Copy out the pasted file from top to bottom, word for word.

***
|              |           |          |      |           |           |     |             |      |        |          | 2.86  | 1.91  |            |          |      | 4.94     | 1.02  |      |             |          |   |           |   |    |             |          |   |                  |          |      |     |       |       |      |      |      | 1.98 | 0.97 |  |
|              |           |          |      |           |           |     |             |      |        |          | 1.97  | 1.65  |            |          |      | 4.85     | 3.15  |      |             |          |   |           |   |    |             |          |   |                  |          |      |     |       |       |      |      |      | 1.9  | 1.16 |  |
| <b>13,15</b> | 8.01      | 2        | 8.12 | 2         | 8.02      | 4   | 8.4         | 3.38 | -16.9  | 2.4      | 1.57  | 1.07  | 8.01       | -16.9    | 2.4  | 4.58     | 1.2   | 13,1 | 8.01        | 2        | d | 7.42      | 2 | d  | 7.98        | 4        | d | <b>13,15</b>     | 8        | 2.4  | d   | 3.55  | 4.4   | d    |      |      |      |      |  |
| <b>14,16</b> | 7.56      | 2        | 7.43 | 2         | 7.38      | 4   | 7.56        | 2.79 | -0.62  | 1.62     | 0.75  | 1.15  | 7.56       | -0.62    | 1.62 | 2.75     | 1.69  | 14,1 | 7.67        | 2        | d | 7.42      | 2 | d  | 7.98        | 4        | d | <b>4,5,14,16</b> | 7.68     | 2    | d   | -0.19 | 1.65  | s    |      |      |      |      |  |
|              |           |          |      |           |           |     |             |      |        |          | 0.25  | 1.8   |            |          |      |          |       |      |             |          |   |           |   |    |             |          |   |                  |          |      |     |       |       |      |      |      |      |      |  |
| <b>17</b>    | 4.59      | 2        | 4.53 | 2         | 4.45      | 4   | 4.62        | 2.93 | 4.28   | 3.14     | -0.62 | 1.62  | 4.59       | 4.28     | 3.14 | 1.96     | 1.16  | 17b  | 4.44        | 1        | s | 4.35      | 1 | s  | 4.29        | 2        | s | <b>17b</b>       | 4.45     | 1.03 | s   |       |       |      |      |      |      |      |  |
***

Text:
|              |           |          |      |           |           |     |             |      |        |          | 2.86  | 1.91  |            |          |      | 4.94     | 1.02  |      |             |          |   |           |   |    |             |          |   |                  |          |      |     |       |       |      |      |      | 1.98 | 0.97 |  |
|              |           |          |      |           |           |     |             |      |        |          | 1.97  | 1.65  |            |          |      | 4.85     | 3.15  |      |             |          |   |           |   |    |             |          |   |                  |          |      |     |       |       |      |      |      | 1.9  | 1.16 |  |
| <b>13,15</b> | 8.01      | 2        | 8.12 | 2         | 8.02      | 4   | 8.4         | 3.38 | -16.9  | 2.4      | 1.57  | 1.07  | 8.01       | -16.9    | 2.4  | 4.58     | 1.2   | 13,1 | 8.01        | 2        | d | 7.42      | 2 | d  | 7.98        | 4        | d | <b>13,15</b>     | 8        | 2.4  | d   | 3.55  | 4.4   | d    |      |      |      |      |  |
| <b>14,16</b> | 7.56      | 2        | 7.43 | 2         | 7.38      | 4   | 7.56        | 2.79 | -0.62  | 1.62     | 0.75  | 1.15  | 7.56       | -0.62    | 1.62 | 2.75     | 1.69  | 14,1 | 7.67        | 2        | d | 7.42      | 2 | d  | 7.98        | 4        | d | <b>4,5,14,16</b> | 7.68     | 2    | d   | -0.19 | 1.65  | s    |      |      |      |      |  |
|              |           |          |      |           |           |     |             |      |        |          | 0.25  | 1.8   |            |          |      |          |       |      |             |          |   |           |   |    |             |          |   |                  |          |      |     |       |       |      |      |      |      |      |  |
| <b>17</b>    | 4.59      | 2        | 4.53 | 2         | 4.45      | 4   | 4.62        | 2.93 | 4.28   | 3.14     | -0.62 | 1.62  | 4.59       | 4.28     | 3.14 | 1.96     | 1.16  | 17b  | 4.44        | 1        | s | 4.35      | 1 | s  | 4.29        | 2        | s | <b>17b</b>       | 4.45     | 1.03 | s   |       |       |      |      |      |      |      |  |